Jul. 27th, 2009

wilderthan: ((Yuffie) Whoa)
I've read some Pratchett before, quite a while ago, and don't remember much about it, and of course, I've read Good Omens, the book he wrote with Neil Gaiman. So Nation isn't exactly an introduction to Pratchett for me, but maybe a reintroduction. As far as I can tell it isn't exactly typical of Pratchett, since it stands completely alone.

I liked it. I didn't get that into it, really, but I was still interested enough to keep turning the pages and finish it in one day -- not quite interested enough to stop me browsing my bookshelves for something else to read alongside it, though. It's set in an alternate universe to this one and there's a lot of world-building and discussion of belief and people's reasons for it, and making a community. And there's a real grief in it, too, and people trying to deal with the grief. The little community, trying to figure out a life from what's left behind after a tidal wave, is interesting. But it never really sparked with me, somehow.

There are definitely some awesome quotes in it, though. I especially liked the one about being in a Jane Austen novel, except with less clothes. And the King being thoroughly 'daughtered'. I recognise this as a truth: it happens even with me and my dad.
wilderthan: ((Fujin) Won't understand)
Progress post time!

If you didn't see the rules post, it is here. The comms are [community profile] readheightetc and [livejournal.com profile] readheightetc.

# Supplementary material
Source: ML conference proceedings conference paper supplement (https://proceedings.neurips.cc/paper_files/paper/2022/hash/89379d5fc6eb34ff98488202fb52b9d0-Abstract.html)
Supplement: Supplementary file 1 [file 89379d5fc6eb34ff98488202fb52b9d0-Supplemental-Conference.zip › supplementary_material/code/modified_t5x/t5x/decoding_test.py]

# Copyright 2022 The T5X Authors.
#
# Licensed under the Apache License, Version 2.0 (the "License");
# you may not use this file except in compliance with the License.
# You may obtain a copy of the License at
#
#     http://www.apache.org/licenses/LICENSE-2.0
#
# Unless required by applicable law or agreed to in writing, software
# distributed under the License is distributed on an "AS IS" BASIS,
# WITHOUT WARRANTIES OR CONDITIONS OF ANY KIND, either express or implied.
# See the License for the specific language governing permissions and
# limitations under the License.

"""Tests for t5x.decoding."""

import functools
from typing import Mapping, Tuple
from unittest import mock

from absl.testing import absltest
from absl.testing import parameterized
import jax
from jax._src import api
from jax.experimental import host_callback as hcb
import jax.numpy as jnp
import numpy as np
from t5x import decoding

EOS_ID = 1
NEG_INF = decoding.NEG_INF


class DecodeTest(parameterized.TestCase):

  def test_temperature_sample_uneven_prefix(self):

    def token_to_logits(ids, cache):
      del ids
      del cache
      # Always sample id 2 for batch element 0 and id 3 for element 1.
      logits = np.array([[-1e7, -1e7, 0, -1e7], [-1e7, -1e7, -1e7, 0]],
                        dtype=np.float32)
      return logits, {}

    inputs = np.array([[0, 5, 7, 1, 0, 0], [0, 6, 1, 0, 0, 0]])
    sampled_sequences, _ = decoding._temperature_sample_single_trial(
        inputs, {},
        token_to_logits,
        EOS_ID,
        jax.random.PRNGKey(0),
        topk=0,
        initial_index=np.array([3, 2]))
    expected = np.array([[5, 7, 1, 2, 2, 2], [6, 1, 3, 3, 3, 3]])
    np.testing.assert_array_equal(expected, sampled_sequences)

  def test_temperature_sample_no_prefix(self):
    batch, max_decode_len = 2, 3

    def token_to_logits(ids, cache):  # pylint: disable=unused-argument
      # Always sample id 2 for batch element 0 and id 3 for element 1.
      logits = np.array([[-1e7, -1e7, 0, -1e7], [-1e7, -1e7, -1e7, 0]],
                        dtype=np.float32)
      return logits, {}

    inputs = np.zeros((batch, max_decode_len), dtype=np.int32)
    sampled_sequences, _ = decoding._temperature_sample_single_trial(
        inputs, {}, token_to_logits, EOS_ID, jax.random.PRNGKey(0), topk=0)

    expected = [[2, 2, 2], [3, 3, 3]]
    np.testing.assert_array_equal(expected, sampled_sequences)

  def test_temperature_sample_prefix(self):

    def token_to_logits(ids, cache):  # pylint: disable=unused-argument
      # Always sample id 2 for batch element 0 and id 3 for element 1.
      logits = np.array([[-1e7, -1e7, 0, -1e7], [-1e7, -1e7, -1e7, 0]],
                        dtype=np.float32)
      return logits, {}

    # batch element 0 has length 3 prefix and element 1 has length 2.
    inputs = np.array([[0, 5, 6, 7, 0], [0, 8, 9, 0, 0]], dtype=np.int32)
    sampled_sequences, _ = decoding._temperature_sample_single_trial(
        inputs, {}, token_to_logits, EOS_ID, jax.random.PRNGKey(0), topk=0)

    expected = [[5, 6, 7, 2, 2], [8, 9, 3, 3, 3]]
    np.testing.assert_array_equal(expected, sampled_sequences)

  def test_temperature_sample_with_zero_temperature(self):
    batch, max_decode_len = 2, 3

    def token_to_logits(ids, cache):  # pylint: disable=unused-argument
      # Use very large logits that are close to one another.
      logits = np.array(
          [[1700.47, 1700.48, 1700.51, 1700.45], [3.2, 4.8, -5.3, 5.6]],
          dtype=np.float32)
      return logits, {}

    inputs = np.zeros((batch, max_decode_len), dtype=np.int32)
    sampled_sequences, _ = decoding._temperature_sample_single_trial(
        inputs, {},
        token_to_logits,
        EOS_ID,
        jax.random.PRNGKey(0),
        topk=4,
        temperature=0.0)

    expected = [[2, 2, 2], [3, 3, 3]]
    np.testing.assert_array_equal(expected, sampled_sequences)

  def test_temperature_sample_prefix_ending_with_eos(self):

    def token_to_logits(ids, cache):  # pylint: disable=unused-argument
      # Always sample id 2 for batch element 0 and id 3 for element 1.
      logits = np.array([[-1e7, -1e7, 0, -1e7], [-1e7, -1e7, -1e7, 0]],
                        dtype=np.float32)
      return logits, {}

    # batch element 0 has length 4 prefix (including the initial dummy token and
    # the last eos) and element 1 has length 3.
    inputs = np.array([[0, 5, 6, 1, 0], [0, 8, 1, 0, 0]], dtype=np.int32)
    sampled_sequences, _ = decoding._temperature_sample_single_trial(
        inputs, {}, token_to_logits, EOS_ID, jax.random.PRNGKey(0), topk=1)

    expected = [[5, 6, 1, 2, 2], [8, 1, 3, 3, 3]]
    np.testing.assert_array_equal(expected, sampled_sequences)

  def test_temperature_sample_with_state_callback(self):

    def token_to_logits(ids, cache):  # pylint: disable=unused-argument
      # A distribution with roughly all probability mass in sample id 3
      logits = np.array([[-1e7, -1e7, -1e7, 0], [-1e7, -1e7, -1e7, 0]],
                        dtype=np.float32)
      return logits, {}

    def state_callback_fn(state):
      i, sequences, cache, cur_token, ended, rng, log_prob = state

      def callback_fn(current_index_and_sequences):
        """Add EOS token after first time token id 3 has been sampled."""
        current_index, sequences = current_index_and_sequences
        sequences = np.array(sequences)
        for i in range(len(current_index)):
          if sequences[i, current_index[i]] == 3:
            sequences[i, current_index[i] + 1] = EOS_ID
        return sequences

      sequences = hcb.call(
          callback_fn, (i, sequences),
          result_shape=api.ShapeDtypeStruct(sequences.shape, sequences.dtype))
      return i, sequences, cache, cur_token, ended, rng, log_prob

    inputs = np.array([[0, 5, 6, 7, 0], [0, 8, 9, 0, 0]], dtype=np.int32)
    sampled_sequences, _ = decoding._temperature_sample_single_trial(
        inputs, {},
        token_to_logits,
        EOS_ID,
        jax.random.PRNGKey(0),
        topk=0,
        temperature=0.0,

A really good week, as you might have noticed from the volume of reviews. Need to focus on the literature stuff sometime soon, though.

Progress:
(* indicates a reread.)

Current picture.

[personal profile] wilderthan:
Floor to knee:
-The Curious Incident of the Dog in the Night-Time, Mark Haddon.
-Nation, Terry Pratchett.
Knee to hip:
-Sailing to Sarantium, Guy Gavriel Kay.*
-Lord of Emperors, Guy Gavriel Kay.*
-Magician's Law, Michael Scott.*
-Demon's Law, Michael Scott.*
-Death's Law, Michael Scott.*
Shoulder to top of head:
-Haruki Murakami, After Dark.
-The Wasp Factory, Iain Banks.

[personal profile] iltaru:
-N/a.
wilderthan: ((Akihiko) Oh yeah?)
I've been intending to read one of Khaled Hosseini's books for quite a while. I've been warned about what a Western style its in and one of my friends found it boring, etc, etc. I have to agree that the style does seem very similar to things I would normally read, Western stories, and I can't say I learnt much about the Afghan society that I didn't already know from the (limited) exposure we get to it through the news and media.

I did enjoy the book, though. The style is very readable; the only thing that was difficult was the sprinkling of Afghan words (ones more complex than burqa or hijab -- those come up in Western media). I suppose they help to give a sense of the culture, and it feels reasonably natural.

The story focuses mainly on the role of women, with a love story in the background. It goes reasonably predictably -- or at least, I wasn't surprised by the murder or the subsequent self-sacrifice. Parts of it are touching, some parts I mostly felt indifferent towards. There are some nice little touches of character, such as Mariam's resentment of Laila, and Rasheed's little touches of kindness and humanity. The ending is unfair. I know, I know, life is unfair, but it's not a great thing that for one woman to escape, another had to die. And that it was the older, plainer one.

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Eden

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